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Reciprocating Engines (Part Three)

in Aircraft Systems

Spark ignition four-stroke engines remain the most common design used in general aviation today. [Figure 6-4] The main parts of a spark ignition reciprocating engine include the cylinders, crankcase, and accessory housing. The intake/exhaust valves, spark plugs, and pistons are located in the cylinders. The crankshaft and connecting rods are located in the crankcase. The magnetos are normally located on the engine accessory housing.


Figure 6-4. Main components of a spark ignition reciprocating engine.

Figure 6-4. Main components of a spark ignition reciprocating engine.

In a four-stroke engine the conversion of chemical energy into mechanical energy occurs over a four stroke operating cycle. The intake, compression, power, and exhaust processes occur in four separate strokes of the piston.

  1. The intake stroke begins as the piston starts its downward travel. When this happens, the intake valve opens and the fuel/air mixture is drawn into the cylinder.
  2. The compression stroke begins when the intake valve closes and the piston starts moving back to the top of the cylinder. This phase of the cycle is used to obtain a much greater power output from the fuel/air mixture once it is ignited.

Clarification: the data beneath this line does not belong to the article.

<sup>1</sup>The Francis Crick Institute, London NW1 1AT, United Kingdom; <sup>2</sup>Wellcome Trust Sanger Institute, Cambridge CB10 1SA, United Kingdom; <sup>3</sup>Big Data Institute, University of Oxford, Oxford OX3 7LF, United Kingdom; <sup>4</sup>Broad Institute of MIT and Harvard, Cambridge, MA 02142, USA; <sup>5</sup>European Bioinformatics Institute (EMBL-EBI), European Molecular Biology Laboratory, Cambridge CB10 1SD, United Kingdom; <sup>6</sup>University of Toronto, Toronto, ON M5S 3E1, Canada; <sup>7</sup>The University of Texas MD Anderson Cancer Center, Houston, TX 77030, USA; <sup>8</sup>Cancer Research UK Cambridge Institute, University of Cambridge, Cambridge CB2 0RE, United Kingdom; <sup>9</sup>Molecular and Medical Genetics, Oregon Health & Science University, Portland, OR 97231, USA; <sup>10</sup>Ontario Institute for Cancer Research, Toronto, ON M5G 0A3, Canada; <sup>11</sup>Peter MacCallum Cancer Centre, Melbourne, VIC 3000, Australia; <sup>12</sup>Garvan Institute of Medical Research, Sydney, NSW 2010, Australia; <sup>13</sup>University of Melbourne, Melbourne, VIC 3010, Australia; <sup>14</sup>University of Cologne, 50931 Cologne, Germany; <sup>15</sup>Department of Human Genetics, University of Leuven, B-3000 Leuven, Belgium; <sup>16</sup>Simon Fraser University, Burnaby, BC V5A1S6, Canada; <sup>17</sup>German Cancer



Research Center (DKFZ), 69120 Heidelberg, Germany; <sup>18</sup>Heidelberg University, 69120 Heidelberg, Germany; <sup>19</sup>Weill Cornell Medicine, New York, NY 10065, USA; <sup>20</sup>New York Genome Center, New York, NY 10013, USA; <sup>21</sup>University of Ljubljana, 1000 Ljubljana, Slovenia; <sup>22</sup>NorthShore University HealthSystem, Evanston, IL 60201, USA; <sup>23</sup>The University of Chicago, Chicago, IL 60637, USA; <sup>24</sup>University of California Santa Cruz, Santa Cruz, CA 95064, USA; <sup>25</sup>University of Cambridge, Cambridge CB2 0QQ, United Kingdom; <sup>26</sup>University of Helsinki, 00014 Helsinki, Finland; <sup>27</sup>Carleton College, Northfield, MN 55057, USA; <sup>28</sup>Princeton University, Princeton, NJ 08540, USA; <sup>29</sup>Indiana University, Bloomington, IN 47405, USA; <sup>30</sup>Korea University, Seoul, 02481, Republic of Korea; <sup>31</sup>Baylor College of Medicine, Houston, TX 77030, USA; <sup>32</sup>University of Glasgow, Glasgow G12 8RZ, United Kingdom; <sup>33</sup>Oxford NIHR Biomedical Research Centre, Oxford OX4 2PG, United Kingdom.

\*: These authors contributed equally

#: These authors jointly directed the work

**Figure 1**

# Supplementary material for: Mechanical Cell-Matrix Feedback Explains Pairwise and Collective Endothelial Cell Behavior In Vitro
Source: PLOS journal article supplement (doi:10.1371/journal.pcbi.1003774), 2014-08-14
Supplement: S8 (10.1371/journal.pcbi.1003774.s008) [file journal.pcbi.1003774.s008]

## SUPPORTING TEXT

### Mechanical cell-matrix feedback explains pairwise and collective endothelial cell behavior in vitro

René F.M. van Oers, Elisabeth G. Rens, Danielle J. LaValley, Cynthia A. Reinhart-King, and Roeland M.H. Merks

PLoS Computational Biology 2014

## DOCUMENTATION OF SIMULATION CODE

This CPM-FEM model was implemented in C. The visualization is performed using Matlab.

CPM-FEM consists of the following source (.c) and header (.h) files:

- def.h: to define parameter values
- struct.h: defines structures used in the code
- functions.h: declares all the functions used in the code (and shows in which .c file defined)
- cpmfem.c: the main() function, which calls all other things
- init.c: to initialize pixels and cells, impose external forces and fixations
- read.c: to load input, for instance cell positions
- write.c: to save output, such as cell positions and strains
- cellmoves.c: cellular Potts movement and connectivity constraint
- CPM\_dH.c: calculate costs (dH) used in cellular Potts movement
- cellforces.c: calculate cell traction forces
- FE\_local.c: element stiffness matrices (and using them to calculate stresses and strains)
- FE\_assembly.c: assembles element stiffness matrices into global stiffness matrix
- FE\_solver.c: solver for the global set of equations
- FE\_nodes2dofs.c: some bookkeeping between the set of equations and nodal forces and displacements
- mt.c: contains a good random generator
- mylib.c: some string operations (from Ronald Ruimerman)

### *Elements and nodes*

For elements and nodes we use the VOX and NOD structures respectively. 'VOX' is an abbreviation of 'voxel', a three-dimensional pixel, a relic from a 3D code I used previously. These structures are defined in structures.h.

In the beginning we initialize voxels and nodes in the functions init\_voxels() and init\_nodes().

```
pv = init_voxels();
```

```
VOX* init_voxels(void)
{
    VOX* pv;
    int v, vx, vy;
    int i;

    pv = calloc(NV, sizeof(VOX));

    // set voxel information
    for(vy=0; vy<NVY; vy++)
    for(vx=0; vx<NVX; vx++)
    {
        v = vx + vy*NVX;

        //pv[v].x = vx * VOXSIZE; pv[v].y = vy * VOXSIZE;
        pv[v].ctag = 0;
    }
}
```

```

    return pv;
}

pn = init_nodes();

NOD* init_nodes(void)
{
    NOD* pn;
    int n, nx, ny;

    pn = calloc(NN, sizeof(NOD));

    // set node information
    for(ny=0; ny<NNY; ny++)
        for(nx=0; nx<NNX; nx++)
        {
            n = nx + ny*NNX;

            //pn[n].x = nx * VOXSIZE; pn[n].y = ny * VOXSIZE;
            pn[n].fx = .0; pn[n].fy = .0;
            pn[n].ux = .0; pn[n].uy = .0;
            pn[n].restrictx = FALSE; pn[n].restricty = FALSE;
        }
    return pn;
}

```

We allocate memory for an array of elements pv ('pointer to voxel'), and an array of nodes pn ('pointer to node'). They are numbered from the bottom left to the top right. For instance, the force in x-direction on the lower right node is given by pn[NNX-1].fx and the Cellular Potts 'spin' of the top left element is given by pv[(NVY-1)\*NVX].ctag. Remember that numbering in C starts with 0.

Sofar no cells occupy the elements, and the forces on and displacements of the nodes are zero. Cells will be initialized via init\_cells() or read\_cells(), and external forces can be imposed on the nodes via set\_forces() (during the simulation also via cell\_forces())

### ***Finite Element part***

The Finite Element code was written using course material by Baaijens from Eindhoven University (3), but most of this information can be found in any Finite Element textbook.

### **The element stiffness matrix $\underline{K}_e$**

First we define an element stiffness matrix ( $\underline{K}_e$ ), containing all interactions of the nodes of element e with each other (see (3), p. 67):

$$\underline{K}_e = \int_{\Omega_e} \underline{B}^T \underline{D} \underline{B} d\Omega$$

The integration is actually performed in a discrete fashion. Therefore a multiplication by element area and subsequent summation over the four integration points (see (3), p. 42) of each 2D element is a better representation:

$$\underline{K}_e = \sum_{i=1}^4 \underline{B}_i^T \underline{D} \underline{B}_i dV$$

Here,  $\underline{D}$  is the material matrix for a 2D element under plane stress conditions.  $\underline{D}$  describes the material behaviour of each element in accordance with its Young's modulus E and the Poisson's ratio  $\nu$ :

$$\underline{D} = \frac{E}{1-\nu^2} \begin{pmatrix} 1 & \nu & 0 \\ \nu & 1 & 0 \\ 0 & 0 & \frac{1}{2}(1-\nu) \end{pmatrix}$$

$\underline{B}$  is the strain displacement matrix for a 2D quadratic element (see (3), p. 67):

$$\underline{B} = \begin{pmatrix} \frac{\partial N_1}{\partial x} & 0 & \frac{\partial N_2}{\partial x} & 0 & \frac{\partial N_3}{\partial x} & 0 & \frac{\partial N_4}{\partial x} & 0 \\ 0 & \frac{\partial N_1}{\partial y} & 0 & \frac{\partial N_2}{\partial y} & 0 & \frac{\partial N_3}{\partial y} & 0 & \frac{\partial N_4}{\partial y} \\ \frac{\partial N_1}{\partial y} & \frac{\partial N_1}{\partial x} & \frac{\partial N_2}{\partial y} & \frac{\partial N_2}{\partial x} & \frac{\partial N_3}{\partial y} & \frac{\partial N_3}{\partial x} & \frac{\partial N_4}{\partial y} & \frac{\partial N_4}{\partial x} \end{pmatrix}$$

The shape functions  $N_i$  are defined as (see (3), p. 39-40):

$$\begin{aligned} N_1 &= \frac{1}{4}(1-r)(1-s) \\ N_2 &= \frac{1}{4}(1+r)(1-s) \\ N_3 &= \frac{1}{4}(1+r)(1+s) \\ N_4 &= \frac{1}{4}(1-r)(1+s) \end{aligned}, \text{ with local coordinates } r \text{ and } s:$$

3. The power stroke begins when the fuel/air mixture is ignited. This causes a tremendous pressure increase in the cylinder, and forces the piston downward away from the cylinder head, creating the power that turns the crankshaft.
  4. The exhaust stroke is used to purge the cylinder of burned gases. It begins when the exhaust valve opens and the piston starts to move toward the cylinder head once again.

Even when the engine is operated at a fairly low speed, the four-stroke cycle takes place several hundred times each minute. [Figure 6-5] In a four-cylinder engine, each cylinder operates on a different stroke. Continuous rotation of a crankshaft is maintained by the precise timing of the power strokes in each cylinder. Continuous operation of the engine depends on the simultaneous function of auxiliary systems, including the induction, ignition, fuel, oil, cooling, and exhaust systems.

Figure 6-5. The arrows in this illustration indicate the direction of motion of the crankshaft and piston during the four-stroke cycle.

Figure 6-5. The arrows in this illustration indicate the direction of motion of the crankshaft and piston during the four-stroke cycle.

518VcjVMo3L._SX402_BO1,204,203,200_Learn more about aircraft and their systems with A Pilot’s Guide to Aircraft and Their Systems by ASA. Pilot-oriented rather than mechanic-oriented, this guide to aircraft systems is designed specifically to help general aviation pilots understand how aircraft systems work so that they can better use them in flight.

 

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